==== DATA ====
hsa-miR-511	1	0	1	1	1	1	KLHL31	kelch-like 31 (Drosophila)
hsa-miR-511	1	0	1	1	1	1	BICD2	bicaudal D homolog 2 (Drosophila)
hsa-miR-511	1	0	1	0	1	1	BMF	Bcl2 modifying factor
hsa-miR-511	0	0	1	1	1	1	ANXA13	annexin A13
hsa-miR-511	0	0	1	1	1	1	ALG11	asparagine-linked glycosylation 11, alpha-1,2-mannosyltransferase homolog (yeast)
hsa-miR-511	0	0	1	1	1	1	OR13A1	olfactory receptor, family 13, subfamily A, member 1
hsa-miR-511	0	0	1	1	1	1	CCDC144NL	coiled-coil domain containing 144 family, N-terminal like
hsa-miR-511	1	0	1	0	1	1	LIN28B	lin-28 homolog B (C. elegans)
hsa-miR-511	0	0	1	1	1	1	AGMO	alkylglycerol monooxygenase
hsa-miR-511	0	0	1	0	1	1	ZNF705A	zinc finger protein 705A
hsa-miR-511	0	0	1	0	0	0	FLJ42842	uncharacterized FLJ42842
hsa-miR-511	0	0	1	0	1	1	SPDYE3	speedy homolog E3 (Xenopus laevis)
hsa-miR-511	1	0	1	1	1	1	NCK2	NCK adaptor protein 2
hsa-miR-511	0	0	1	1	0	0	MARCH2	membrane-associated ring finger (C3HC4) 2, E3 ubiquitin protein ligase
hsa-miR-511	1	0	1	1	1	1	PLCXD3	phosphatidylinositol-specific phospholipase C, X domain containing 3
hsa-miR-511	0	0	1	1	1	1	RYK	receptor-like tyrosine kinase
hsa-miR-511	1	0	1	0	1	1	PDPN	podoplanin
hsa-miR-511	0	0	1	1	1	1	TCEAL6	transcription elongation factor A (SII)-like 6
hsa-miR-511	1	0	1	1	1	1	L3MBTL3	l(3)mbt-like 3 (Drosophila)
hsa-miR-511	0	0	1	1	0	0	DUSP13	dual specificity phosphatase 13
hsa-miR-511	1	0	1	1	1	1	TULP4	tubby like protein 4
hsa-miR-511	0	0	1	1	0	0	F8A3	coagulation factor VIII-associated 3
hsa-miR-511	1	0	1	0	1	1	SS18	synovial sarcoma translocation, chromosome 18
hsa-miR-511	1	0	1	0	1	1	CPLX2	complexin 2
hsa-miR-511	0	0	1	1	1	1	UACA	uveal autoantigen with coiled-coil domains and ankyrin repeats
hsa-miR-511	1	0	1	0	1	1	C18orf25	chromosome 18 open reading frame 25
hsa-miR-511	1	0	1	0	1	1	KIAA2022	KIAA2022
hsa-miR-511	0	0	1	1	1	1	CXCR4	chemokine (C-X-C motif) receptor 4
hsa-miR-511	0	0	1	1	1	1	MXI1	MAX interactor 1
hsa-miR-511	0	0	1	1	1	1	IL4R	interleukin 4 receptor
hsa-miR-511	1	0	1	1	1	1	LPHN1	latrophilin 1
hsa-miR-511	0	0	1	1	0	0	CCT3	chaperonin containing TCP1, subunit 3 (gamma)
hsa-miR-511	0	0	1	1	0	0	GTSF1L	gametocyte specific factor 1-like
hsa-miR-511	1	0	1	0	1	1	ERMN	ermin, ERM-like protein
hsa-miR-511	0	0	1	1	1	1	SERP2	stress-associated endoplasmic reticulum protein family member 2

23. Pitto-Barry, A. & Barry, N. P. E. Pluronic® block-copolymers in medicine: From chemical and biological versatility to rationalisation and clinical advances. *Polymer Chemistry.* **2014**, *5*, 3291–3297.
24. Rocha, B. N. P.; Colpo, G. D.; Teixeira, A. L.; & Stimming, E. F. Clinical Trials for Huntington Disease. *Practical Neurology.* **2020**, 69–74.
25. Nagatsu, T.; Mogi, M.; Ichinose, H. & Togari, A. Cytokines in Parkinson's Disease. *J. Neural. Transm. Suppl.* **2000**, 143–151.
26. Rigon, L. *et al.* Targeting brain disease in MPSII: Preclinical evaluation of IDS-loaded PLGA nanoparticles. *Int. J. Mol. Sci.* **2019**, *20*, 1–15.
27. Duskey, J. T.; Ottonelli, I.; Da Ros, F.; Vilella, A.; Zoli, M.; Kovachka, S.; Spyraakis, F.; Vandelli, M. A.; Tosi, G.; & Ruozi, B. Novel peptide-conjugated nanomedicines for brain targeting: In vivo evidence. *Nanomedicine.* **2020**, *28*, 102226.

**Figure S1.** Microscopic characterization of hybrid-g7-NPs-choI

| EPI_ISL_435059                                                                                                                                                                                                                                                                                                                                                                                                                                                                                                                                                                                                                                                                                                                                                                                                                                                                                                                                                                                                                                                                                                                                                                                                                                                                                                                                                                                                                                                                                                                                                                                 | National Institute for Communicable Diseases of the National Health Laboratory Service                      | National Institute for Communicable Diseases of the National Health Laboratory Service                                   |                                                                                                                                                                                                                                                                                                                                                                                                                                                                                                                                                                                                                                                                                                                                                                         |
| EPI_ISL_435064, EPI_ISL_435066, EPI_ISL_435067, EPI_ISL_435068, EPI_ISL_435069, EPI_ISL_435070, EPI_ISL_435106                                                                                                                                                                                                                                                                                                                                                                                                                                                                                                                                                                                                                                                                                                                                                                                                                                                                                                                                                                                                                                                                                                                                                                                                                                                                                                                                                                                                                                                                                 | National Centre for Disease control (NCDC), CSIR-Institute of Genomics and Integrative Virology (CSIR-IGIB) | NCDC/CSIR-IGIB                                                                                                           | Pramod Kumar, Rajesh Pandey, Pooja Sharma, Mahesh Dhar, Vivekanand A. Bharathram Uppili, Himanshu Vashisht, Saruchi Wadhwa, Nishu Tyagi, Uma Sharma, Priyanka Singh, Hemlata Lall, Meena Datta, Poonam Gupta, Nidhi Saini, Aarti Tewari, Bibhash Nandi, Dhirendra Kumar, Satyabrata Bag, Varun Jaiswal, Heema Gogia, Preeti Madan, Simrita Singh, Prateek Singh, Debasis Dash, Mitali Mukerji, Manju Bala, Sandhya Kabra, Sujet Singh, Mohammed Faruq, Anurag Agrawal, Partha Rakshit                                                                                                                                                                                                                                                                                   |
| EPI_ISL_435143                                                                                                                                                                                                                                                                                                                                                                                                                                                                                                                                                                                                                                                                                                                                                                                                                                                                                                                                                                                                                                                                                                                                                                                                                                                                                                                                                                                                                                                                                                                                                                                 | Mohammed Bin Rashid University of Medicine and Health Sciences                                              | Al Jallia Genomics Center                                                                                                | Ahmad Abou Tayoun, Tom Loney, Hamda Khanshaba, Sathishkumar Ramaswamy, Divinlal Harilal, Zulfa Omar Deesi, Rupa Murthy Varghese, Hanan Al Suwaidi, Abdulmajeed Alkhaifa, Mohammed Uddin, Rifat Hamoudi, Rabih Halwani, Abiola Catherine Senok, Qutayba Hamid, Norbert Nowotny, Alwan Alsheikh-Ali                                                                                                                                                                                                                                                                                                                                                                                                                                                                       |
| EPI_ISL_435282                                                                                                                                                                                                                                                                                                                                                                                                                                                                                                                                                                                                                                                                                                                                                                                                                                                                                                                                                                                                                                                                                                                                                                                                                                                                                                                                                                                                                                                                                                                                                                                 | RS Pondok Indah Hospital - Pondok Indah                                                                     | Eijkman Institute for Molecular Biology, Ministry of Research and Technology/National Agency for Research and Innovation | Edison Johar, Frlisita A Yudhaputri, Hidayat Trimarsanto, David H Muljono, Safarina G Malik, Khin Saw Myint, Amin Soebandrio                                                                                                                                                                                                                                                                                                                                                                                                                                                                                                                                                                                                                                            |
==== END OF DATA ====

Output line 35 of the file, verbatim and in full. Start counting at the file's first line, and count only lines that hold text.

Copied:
hsa-miR-511	0	0	1	1	1	1	SERP2	stress-associated endoplasmic reticulum protein family member 2